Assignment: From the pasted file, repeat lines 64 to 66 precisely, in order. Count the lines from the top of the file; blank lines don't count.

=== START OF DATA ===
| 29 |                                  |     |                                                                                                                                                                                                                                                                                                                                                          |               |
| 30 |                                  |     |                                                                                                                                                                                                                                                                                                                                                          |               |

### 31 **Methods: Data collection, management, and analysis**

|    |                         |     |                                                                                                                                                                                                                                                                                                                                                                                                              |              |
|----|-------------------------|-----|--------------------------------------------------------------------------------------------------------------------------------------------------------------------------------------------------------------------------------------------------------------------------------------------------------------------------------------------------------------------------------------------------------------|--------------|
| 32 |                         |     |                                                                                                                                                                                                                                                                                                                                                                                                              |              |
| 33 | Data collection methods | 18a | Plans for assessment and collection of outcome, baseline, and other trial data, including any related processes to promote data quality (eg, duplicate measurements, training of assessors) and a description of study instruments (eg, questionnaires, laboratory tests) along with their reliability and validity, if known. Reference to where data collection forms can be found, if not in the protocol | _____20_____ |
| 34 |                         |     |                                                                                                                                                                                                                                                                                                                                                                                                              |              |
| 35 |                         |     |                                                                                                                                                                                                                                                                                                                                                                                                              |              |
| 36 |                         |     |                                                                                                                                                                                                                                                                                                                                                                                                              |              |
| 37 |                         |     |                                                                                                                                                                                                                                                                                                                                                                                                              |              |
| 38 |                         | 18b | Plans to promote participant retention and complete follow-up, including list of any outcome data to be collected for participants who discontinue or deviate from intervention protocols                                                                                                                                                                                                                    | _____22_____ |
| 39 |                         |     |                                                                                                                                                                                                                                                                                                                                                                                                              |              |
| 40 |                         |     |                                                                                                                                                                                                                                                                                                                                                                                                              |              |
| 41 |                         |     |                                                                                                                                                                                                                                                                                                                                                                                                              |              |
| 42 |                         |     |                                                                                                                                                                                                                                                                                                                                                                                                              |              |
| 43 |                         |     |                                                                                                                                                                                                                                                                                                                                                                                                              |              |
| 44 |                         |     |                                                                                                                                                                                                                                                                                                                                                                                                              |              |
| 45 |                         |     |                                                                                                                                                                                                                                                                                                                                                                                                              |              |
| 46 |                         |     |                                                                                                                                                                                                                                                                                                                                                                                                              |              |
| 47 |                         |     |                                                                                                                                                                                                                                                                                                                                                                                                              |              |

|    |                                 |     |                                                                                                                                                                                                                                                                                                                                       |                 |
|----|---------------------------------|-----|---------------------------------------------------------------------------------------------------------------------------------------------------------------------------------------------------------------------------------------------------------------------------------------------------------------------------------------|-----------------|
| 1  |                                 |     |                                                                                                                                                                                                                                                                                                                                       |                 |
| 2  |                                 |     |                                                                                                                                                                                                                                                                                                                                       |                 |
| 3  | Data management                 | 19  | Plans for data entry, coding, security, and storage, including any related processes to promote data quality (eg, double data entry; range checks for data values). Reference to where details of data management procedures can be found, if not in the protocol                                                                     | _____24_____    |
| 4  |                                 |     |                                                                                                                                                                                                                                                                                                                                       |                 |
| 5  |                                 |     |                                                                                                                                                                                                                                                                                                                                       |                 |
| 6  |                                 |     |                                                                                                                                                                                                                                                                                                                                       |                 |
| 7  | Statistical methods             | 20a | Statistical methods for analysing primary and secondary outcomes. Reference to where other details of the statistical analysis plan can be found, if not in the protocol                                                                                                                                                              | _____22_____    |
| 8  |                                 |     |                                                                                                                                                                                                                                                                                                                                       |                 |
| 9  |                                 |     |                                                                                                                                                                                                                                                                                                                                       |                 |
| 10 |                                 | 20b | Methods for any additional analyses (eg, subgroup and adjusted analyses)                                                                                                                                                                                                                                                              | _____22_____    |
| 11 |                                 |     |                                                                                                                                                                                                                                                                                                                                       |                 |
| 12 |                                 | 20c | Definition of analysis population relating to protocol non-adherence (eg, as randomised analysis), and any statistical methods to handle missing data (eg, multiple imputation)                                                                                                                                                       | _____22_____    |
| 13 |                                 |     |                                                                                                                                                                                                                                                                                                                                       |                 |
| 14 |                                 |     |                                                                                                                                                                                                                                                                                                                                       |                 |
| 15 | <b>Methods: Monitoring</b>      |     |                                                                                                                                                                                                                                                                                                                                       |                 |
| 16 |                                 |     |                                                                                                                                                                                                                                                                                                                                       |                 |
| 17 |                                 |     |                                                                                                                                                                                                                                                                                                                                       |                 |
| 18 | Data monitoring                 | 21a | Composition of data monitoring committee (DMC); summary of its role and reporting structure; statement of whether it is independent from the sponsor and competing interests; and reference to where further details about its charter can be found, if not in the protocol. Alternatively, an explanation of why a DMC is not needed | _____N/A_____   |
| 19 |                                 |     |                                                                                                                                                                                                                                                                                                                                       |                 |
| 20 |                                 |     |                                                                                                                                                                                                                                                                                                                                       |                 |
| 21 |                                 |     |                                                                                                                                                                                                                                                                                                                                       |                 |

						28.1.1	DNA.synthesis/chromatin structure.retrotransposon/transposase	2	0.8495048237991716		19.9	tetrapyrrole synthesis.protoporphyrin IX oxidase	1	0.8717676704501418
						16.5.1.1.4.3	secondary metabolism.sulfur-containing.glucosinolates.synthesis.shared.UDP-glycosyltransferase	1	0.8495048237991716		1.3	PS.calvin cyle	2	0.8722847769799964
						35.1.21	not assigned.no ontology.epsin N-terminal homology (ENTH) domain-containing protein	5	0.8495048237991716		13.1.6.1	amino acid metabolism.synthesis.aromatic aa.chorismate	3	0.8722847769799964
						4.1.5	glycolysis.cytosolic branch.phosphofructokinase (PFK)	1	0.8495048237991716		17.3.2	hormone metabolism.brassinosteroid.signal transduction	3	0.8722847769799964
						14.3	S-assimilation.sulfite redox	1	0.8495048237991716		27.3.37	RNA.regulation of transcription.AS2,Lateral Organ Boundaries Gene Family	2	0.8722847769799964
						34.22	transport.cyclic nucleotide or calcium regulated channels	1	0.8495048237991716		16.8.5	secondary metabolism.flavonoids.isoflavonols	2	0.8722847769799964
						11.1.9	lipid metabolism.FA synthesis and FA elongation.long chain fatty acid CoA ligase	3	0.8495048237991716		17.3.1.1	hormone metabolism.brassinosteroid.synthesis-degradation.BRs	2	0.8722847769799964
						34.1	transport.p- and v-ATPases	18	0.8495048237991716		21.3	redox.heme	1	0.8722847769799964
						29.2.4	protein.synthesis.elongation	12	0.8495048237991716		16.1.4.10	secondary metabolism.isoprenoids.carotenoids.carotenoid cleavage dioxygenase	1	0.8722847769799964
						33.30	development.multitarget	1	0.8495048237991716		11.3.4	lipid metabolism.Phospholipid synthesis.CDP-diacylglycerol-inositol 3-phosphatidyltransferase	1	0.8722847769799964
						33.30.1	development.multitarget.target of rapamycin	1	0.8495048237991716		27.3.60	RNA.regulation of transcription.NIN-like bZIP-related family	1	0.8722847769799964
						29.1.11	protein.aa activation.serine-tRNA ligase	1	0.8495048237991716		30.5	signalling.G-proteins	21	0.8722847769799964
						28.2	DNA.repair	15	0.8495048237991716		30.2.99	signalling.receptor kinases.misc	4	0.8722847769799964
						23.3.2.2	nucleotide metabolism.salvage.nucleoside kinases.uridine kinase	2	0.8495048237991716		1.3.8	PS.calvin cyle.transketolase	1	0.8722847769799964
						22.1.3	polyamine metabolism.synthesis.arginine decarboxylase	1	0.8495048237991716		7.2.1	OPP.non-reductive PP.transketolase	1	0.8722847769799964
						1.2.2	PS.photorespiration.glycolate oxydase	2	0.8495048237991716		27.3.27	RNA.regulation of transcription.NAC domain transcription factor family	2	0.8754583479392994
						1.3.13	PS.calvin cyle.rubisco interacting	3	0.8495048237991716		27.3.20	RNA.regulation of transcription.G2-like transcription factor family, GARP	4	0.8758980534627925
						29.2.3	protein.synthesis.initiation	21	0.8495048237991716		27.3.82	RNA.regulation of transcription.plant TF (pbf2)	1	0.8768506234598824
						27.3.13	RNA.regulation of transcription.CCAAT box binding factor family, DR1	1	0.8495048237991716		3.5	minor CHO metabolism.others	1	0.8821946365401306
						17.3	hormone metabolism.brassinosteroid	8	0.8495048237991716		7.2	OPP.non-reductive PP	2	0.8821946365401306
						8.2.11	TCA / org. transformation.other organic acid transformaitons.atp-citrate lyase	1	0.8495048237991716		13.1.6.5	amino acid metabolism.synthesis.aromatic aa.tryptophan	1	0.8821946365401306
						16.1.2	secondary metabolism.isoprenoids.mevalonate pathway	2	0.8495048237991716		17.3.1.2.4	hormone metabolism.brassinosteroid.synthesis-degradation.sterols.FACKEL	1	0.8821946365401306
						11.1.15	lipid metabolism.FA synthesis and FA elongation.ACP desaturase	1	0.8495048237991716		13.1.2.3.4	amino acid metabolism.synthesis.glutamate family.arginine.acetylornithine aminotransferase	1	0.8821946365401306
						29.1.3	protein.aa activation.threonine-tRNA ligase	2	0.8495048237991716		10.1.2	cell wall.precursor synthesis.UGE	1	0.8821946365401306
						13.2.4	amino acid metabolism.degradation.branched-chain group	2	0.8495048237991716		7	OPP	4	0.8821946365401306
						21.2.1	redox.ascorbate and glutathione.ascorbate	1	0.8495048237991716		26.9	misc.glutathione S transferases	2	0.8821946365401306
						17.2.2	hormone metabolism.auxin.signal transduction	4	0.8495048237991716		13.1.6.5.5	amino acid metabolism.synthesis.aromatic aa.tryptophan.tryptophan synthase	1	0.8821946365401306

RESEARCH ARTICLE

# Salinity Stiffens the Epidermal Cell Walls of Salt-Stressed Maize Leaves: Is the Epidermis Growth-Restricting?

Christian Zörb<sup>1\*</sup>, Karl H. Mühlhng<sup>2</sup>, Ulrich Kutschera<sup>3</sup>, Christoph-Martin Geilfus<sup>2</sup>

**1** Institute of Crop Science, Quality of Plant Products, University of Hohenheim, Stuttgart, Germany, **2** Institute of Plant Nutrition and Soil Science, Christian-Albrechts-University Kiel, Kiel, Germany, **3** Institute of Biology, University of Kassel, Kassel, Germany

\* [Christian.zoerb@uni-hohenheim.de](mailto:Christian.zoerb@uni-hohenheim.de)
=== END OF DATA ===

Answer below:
						17.3	hormone metabolism.brassinosteroid	8	0.8495048237991716		7.2	OPP.non-reductive PP	2	0.8821946365401306
						8.2.11	TCA / org. transformation.other organic acid transformaitons.atp-citrate lyase	1	0.8495048237991716		13.1.6.5	amino acid metabolism.synthesis.aromatic aa.tryptophan	1	0.8821946365401306
						16.1.2	secondary metabolism.isoprenoids.mevalonate pathway	2	0.8495048237991716		17.3.1.2.4	hormone metabolism.brassinosteroid.synthesis-degradation.sterols.FACKEL	1	0.8821946365401306